While the potential is high, it’s still early on, with a relatively small pool of hybrid manufacturing solutions available today, most at significantly high cost. However, the segment is growing, fueled by the introduction of a new stream of players and efforts by traditional AM printer vendors, which is driving a steady uptick in adoption rates. According to new data from Transparency Market Research, the global hybrid additive manufacturing machine market hit $1.2 billion in 2017 and is expected to reach $6.7 billion by 2026, expanding at a compound annual growth rate (CAGR) of 21.69%. Last year, hybrid manufacturing systems had the most traction in the aerospace sector given the industry’s focus on lightweighting and parts reduction through use of composite materials and complex geometries. The machines are expected to be used primarily for repair applications this year, but as hybrid manufacturing platforms come down in price, Transparency Market Research anticipates more mainstream deployment for production applications, expanding at a CAGR of about 24% between now and 2026.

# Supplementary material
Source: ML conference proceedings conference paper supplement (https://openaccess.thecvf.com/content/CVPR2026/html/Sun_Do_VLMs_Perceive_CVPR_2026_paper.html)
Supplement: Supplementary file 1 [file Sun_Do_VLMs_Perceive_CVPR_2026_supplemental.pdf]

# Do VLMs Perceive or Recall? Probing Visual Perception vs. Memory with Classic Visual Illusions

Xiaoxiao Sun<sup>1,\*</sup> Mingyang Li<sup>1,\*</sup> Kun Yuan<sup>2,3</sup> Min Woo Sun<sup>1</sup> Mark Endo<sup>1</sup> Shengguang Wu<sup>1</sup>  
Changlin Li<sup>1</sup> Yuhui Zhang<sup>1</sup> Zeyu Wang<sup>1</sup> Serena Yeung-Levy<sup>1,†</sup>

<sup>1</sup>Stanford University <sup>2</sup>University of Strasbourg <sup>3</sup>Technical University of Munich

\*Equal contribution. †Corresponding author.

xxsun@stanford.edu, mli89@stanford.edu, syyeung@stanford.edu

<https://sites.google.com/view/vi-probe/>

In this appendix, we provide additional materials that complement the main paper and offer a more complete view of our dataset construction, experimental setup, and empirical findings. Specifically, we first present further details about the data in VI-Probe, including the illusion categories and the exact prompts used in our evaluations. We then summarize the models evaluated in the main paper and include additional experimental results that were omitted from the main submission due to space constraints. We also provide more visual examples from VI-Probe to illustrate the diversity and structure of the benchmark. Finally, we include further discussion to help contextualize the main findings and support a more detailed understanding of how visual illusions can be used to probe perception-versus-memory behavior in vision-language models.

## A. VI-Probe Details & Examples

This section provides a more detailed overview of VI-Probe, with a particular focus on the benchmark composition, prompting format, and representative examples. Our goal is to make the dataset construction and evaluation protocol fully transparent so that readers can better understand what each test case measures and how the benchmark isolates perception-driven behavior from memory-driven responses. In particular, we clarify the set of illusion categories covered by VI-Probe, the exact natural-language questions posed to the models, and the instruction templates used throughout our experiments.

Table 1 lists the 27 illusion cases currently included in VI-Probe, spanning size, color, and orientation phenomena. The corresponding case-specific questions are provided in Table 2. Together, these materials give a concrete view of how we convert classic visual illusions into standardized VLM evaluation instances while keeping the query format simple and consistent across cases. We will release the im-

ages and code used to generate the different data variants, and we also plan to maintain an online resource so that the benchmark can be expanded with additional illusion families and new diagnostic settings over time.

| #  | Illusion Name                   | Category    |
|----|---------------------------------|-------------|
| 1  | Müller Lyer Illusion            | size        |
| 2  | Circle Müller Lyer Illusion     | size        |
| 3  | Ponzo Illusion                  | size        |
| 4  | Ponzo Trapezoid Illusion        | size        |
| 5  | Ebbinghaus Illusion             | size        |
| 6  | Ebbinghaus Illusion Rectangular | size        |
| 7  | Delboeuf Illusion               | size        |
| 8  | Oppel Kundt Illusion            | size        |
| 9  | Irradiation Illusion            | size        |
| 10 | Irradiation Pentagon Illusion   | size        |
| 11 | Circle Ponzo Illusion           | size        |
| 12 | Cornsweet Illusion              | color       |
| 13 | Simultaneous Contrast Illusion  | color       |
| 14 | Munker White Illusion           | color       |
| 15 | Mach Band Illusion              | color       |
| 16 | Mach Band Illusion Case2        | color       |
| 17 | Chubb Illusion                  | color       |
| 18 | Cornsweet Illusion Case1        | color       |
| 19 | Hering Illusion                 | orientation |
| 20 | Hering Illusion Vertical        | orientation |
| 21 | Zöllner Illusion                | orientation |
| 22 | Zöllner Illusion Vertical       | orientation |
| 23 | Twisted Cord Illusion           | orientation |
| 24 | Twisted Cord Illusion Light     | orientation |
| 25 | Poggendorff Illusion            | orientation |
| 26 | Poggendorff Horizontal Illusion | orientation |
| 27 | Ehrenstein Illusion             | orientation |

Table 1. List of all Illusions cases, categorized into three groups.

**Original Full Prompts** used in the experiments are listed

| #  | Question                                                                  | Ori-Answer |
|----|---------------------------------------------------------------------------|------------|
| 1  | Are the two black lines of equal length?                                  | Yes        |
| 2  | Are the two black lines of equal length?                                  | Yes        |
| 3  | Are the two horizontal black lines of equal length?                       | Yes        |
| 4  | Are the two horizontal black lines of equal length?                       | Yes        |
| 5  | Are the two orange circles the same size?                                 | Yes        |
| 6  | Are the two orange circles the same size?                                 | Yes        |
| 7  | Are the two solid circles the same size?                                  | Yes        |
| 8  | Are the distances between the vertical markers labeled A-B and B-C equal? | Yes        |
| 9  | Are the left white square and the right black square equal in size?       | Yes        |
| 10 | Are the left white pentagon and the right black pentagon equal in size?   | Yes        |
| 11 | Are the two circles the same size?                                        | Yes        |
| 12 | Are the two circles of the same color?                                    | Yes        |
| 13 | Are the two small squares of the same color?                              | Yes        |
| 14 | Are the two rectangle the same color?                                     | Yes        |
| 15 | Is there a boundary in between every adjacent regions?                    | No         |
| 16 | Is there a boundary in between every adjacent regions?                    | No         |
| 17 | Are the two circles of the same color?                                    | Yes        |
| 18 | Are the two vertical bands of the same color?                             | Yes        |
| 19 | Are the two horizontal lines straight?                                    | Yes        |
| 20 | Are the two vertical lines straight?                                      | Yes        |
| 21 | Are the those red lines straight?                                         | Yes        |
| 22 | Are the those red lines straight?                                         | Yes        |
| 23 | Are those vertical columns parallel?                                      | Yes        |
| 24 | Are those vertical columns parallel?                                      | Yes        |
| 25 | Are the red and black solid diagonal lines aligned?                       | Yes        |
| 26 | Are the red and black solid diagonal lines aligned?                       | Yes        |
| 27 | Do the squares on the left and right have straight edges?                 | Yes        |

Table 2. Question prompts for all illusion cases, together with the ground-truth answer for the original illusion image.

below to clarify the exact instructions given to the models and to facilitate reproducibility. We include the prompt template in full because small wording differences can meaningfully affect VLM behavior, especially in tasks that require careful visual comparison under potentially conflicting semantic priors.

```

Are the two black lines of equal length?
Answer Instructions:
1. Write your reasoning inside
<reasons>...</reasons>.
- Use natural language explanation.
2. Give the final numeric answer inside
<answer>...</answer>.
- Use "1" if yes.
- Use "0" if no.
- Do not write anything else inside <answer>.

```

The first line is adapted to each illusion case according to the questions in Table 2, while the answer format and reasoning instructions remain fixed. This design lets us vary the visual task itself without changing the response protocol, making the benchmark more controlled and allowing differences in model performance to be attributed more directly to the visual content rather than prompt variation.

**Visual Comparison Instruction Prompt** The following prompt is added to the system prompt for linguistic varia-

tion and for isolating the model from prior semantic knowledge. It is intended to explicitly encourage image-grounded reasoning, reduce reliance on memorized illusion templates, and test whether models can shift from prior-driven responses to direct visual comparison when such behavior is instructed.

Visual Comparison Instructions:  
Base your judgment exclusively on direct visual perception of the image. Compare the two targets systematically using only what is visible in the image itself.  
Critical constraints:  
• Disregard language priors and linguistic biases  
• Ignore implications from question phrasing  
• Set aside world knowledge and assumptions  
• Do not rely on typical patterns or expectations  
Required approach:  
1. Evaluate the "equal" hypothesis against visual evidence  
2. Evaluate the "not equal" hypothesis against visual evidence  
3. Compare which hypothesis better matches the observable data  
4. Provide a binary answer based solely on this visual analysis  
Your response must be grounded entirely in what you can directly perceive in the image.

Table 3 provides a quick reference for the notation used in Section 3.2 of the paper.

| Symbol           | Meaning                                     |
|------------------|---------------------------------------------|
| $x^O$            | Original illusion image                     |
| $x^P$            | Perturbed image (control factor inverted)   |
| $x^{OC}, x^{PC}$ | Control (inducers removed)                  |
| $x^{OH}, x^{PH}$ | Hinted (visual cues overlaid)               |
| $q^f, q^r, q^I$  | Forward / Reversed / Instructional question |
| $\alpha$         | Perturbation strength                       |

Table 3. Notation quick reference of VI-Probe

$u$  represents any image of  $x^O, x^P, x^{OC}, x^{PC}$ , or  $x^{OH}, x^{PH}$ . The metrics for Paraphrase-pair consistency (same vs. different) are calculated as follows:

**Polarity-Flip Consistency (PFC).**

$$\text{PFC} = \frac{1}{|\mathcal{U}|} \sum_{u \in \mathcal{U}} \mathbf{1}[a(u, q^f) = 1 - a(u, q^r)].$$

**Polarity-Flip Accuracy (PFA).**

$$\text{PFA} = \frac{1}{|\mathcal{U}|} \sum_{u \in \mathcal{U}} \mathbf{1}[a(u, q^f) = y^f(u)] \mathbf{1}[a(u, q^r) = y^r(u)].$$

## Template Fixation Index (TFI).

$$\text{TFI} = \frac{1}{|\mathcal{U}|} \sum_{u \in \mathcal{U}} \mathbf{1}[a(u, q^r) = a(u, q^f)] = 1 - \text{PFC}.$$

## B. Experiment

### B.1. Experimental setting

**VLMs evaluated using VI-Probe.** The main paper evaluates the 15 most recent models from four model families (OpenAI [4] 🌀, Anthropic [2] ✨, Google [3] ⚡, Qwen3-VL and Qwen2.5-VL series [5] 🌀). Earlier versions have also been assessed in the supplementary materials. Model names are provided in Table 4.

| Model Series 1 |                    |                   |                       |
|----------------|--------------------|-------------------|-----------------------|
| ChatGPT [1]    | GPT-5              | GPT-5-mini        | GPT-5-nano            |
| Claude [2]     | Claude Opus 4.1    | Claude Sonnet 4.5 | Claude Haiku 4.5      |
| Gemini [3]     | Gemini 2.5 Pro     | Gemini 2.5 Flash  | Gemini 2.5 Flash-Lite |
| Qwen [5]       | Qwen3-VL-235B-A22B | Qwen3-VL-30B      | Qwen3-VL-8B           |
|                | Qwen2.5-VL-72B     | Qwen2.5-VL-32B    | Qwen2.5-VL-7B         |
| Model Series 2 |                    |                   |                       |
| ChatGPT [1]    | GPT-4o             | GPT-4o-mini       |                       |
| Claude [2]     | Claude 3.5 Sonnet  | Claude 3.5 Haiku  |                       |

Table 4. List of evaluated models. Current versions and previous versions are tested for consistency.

Scott Sevick, vice president of manufacturing solutions at Stratasys, says he’s not surprised that there’s rising interest in hybrid manufacturing given the reality of how products are made today. “It’s a challenge to find anything that’s manufactured in a single set up,” he says. “Whether you think of today’s manufacturing processes as hybrid or not, they are. There is a multiple-step process for producing everything so it’s natural to examine how to become more efficient and take out steps in between. The trend you see in AM is to bring more and more steps into a common cell so you can eliminate those transition times that are a non-value add to manufacturing.”